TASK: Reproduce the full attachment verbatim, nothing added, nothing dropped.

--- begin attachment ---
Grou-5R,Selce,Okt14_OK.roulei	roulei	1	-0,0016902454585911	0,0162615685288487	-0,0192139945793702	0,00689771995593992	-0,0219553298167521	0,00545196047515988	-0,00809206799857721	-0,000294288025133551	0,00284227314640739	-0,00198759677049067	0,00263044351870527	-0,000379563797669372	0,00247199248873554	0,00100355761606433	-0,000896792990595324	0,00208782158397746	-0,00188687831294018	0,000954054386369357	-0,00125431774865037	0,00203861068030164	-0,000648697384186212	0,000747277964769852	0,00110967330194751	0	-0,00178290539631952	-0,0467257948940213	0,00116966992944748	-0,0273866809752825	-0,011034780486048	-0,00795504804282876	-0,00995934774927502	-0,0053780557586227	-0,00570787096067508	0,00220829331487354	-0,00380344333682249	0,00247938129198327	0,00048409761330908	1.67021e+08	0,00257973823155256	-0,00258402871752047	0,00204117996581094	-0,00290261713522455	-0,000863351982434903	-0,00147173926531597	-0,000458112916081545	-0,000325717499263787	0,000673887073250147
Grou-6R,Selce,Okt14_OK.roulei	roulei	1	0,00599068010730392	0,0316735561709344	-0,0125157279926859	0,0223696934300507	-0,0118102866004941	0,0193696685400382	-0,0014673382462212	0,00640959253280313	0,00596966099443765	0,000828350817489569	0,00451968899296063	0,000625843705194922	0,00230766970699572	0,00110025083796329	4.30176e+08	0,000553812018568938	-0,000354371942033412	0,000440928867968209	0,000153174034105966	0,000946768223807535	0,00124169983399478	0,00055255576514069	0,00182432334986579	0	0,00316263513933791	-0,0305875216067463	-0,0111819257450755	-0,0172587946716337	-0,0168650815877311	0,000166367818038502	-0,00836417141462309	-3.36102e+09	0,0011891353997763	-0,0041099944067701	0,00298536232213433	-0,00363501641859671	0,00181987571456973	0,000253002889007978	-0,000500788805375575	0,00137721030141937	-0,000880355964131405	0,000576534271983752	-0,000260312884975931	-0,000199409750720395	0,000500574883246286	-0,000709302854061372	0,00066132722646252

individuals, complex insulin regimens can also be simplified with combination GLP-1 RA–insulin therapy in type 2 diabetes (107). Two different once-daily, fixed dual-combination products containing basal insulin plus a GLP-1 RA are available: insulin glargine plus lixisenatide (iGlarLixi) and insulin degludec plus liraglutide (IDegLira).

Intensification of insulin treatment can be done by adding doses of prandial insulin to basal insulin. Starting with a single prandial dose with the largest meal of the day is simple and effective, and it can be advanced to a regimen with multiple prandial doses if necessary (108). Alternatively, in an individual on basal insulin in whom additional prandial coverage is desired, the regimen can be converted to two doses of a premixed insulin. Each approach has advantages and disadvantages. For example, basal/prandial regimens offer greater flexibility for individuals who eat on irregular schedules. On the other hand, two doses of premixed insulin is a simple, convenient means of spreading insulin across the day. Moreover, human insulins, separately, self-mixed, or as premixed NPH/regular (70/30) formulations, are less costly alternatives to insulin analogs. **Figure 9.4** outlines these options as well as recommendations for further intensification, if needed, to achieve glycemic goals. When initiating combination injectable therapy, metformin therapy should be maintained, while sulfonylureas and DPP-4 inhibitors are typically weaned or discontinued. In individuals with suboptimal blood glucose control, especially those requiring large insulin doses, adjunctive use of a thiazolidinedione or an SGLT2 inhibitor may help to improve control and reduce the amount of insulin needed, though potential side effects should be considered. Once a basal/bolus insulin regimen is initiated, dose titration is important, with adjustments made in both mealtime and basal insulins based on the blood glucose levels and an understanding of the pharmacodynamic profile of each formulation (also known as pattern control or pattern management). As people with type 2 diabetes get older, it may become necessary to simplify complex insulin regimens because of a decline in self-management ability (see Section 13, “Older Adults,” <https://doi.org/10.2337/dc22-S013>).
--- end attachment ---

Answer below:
Grou-5R,Selce,Okt14_OK.roulei	roulei	1	-0,0016902454585911	0,0162615685288487	-0,0192139945793702	0,00689771995593992	-0,0219553298167521	0,00545196047515988	-0,00809206799857721	-0,000294288025133551	0,00284227314640739	-0,00198759677049067	0,00263044351870527	-0,000379563797669372	0,00247199248873554	0,00100355761606433	-0,000896792990595324	0,00208782158397746	-0,00188687831294018	0,000954054386369357	-0,00125431774865037	0,00203861068030164	-0,000648697384186212	0,000747277964769852	0,00110967330194751	0	-0,00178290539631952	-0,0467257948940213	0,00116966992944748	-0,0273866809752825	-0,011034780486048	-0,00795504804282876	-0,00995934774927502	-0,0053780557586227	-0,00570787096067508	0,00220829331487354	-0,00380344333682249	0,00247938129198327	0,00048409761330908	1.67021e+08	0,00257973823155256	-0,00258402871752047	0,00204117996581094	-0,00290261713522455	-0,000863351982434903	-0,00147173926531597	-0,000458112916081545	-0,000325717499263787	0,000673887073250147
Grou-6R,Selce,Okt14_OK.roulei	roulei	1	0,00599068010730392	0,0316735561709344	-0,0125157279926859	0,0223696934300507	-0,0118102866004941	0,0193696685400382	-0,0014673382462212	0,00640959253280313	0,00596966099443765	0,000828350817489569	0,00451968899296063	0,000625843705194922	0,00230766970699572	0,00110025083796329	4.30176e+08	0,000553812018568938	-0,000354371942033412	0,000440928867968209	0,000153174034105966	0,000946768223807535	0,00124169983399478	0,00055255576514069	0,00182432334986579	0	0,00316263513933791	-0,0305875216067463	-0,0111819257450755	-0,0172587946716337	-0,0168650815877311	0,000166367818038502	-0,00836417141462309	-3.36102e+09	0,0011891353997763	-0,0041099944067701	0,00298536232213433	-0,00363501641859671	0,00181987571456973	0,000253002889007978	-0,000500788805375575	0,00137721030141937	-0,000880355964131405	0,000576534271983752	-0,000260312884975931	-0,000199409750720395	0,000500574883246286	-0,000709302854061372	0,00066132722646252

individuals, complex insulin regimens can also be simplified with combination GLP-1 RA–insulin therapy in type 2 diabetes (107). Two different once-daily, fixed dual-combination products containing basal insulin plus a GLP-1 RA are available: insulin glargine plus lixisenatide (iGlarLixi) and insulin degludec plus liraglutide (IDegLira).

Intensification of insulin treatment can be done by adding doses of prandial insulin to basal insulin. Starting with a single prandial dose with the largest meal of the day is simple and effective, and it can be advanced to a regimen with multiple prandial doses if necessary (108). Alternatively, in an individual on basal insulin in whom additional prandial coverage is desired, the regimen can be converted to two doses of a premixed insulin. Each approach has advantages and disadvantages. For example, basal/prandial regimens offer greater flexibility for individuals who eat on irregular schedules. On the other hand, two doses of premixed insulin is a simple, convenient means of spreading insulin across the day. Moreover, human insulins, separately, self-mixed, or as premixed NPH/regular (70/30) formulations, are less costly alternatives to insulin analogs. **Figure 9.4** outlines these options as well as recommendations for further intensification, if needed, to achieve glycemic goals. When initiating combination injectable therapy, metformin therapy should be maintained, while sulfonylureas and DPP-4 inhibitors are typically weaned or discontinued. In individuals with suboptimal blood glucose control, especially those requiring large insulin doses, adjunctive use of a thiazolidinedione or an SGLT2 inhibitor may help to improve control and reduce the amount of insulin needed, though potential side effects should be considered. Once a basal/bolus insulin regimen is initiated, dose titration is important, with adjustments made in both mealtime and basal insulins based on the blood glucose levels and an understanding of the pharmacodynamic profile of each formulation (also known as pattern control or pattern management). As people with type 2 diabetes get older, it may become necessary to simplify complex insulin regimens because of a decline in self-management ability (see Section 13, “Older Adults,” <https://doi.org/10.2337/dc22-S013>).